Mr. Andrews’ book has helped me have a greater understanding of and appreciation for the necessity of a marriage between character and plot in a work of fiction.
In his book, Mr. Andrews gives questions that fiction writers should ask about their manuscripts in order to get insight into the stories they’re writing.
Here’s one last quote from Character & Structure: An Unholy Alliance: “Combining story (what happens to your characters) and structure (how it happens) means finding the answers that will help you emotionally engage your audience.”
Can you believe all that came just from reading the first two chapters of the book?
The book goes on to say a writer needs to put himself or herself in the place of a character and in the place of the reader. How will your story come across? What will make your reader care about your character(s)? Will your reader be satisfied with how the core problem your character faces is resolved? What’s at stake for your character?
In addition to giving us questions to ask about our manuscripts, he provides entertaining exercises for writers to do in order to consider how character and structure are presented in a variety of well-known novels. He challenges the writer to back off from their story’s details and to look at the whole story as the Norse God Loki could.
If you look at your story or manuscript as a whole and see a perfect world, you’re looking at a world that will bore your reader. That’s the last thing you want! Mr. Andrews then offers a list of things you need to answer or address regarding your book in order to – as we would say in a baseball analogy in the United States – “cover all the bases.”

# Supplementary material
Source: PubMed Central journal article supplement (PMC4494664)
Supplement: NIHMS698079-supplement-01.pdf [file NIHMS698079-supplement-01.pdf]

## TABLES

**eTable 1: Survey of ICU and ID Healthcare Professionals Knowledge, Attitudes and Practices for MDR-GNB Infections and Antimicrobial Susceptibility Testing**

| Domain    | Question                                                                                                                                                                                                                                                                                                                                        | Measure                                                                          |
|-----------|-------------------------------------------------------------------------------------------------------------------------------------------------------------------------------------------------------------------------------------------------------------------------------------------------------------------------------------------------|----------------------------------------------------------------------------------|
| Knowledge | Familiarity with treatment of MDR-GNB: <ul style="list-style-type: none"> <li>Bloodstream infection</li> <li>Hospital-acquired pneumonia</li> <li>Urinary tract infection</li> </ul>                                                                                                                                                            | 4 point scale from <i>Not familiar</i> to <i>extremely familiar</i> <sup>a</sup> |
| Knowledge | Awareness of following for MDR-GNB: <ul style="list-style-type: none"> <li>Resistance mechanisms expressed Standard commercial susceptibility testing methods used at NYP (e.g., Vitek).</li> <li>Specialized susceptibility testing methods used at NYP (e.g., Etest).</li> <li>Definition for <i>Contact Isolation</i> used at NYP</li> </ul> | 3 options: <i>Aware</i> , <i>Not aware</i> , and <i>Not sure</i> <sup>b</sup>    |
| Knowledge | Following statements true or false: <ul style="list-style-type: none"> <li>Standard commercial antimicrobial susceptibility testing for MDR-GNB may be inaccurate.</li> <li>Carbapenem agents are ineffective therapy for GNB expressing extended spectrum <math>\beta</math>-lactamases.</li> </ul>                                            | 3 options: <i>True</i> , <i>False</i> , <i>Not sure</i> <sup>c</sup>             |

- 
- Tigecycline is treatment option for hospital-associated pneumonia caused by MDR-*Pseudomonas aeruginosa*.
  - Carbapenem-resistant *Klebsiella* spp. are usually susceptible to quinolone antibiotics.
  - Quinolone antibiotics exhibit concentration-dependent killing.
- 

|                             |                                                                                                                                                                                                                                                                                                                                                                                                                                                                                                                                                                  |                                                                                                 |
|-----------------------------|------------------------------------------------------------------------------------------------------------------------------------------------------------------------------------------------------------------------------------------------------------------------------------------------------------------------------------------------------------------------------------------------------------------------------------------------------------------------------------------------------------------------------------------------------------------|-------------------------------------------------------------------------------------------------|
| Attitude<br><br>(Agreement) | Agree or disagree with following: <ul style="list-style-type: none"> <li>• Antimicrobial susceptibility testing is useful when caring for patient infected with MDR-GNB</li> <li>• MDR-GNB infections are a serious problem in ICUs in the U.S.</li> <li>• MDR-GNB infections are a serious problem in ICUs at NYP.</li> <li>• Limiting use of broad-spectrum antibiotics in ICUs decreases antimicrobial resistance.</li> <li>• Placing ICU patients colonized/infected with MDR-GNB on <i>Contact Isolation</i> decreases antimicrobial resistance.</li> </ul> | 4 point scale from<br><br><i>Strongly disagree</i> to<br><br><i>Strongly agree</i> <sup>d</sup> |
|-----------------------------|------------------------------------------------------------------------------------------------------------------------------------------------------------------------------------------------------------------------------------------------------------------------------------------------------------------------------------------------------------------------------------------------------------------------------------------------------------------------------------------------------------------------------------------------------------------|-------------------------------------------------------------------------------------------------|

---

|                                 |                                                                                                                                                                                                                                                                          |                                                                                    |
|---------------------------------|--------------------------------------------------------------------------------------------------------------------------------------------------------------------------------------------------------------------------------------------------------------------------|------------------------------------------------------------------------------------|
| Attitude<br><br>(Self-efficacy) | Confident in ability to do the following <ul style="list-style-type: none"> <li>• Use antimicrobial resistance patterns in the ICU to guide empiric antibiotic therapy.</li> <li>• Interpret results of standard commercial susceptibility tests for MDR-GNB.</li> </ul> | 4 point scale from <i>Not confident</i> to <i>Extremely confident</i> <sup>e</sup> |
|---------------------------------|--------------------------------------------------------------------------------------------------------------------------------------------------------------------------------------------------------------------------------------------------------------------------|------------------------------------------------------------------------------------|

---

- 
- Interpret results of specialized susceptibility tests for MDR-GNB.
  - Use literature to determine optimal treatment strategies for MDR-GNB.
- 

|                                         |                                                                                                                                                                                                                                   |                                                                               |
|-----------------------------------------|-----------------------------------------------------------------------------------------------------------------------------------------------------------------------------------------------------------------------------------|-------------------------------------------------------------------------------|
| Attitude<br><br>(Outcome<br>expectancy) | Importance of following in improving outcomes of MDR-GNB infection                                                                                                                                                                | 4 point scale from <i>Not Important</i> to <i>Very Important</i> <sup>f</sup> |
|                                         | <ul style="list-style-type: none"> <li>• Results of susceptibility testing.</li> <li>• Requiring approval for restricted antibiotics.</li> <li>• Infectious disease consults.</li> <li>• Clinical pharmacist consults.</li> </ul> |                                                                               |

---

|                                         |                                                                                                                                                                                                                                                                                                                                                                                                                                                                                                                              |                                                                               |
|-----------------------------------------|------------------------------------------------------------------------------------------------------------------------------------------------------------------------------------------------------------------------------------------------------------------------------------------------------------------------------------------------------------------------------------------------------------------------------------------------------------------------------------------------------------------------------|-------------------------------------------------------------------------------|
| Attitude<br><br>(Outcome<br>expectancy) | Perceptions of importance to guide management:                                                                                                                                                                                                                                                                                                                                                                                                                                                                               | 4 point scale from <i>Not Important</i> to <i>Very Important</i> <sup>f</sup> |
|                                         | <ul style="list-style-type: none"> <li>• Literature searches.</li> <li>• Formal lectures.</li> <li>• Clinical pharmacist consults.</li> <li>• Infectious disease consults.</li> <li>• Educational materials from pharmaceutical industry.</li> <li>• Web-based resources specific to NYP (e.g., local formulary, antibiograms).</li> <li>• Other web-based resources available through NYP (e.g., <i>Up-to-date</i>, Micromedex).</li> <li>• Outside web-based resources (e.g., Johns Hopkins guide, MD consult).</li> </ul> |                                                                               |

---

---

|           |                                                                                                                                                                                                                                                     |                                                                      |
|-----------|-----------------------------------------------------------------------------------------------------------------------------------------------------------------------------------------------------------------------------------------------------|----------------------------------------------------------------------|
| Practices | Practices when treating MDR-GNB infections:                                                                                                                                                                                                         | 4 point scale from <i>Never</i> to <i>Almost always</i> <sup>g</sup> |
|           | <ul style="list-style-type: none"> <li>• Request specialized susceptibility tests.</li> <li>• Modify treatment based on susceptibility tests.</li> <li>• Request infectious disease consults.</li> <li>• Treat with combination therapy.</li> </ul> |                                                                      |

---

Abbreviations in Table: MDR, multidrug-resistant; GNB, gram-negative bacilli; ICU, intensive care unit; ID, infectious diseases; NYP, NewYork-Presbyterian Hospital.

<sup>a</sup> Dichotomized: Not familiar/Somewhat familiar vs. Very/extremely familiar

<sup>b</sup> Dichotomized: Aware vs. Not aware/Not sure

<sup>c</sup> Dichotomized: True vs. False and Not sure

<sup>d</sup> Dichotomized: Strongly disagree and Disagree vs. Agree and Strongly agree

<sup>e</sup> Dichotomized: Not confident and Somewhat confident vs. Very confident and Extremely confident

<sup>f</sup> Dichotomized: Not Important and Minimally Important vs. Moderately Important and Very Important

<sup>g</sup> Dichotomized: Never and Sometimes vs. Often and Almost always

That brings us to the end of the sixth of 32 chapters in Character & Structure: An Unholy Alliance. I can’t wait to see how much I learn from the remaining 26 chapters! But don’t expect me to summarize the rest of the book for you. You need to buy it for yourself. It’s available in ebook and paperback format on Amazon.com.
If you’re a fiction writer, I recommend that you purchase it and slowly and thoughtfully work your way through it. That’s what I’ll be doing in the coming weeks. I trust my novel in progress will benefit greatly from the pointers in this book.
Since my last blog post
I enjoyed some wonderful time with three precious family members who live 300 miles away, so I don’t get to see them often.
Before and after their visit, I did a lot of reading.
Until my next blog post
If you’re interested in learning more about Chris Andrews and his novels, visit his website at https://www.chrisandrews.me/.
I hope you have a good book to read. I just finished listening to The Fifth Column, a historical thrilled by Andrew Gross and have started listening to The Stationery Shop, by Marjan Kamali.
If you’re a writer, I hope you have quality writing time.
Thank you for reading my blog. You could have spent the last few minutes doing something else, but you chose to read my blog.
Next Monday’s blog post will be about the other books I read in September.
Let’s continue the conversation
If you’re a writer, are you an outliner or a pantster? Do you find it easier to get the mechanics of a story right or do you prefer writing the emotion?
If you’re a fiction reader, does it upset you when an author deviates too much from the expected? For instance, if you like to read romance, does it upset you if a romance novel doesn’t have a happy ending? That’s what is meant by deviating from reader expectations.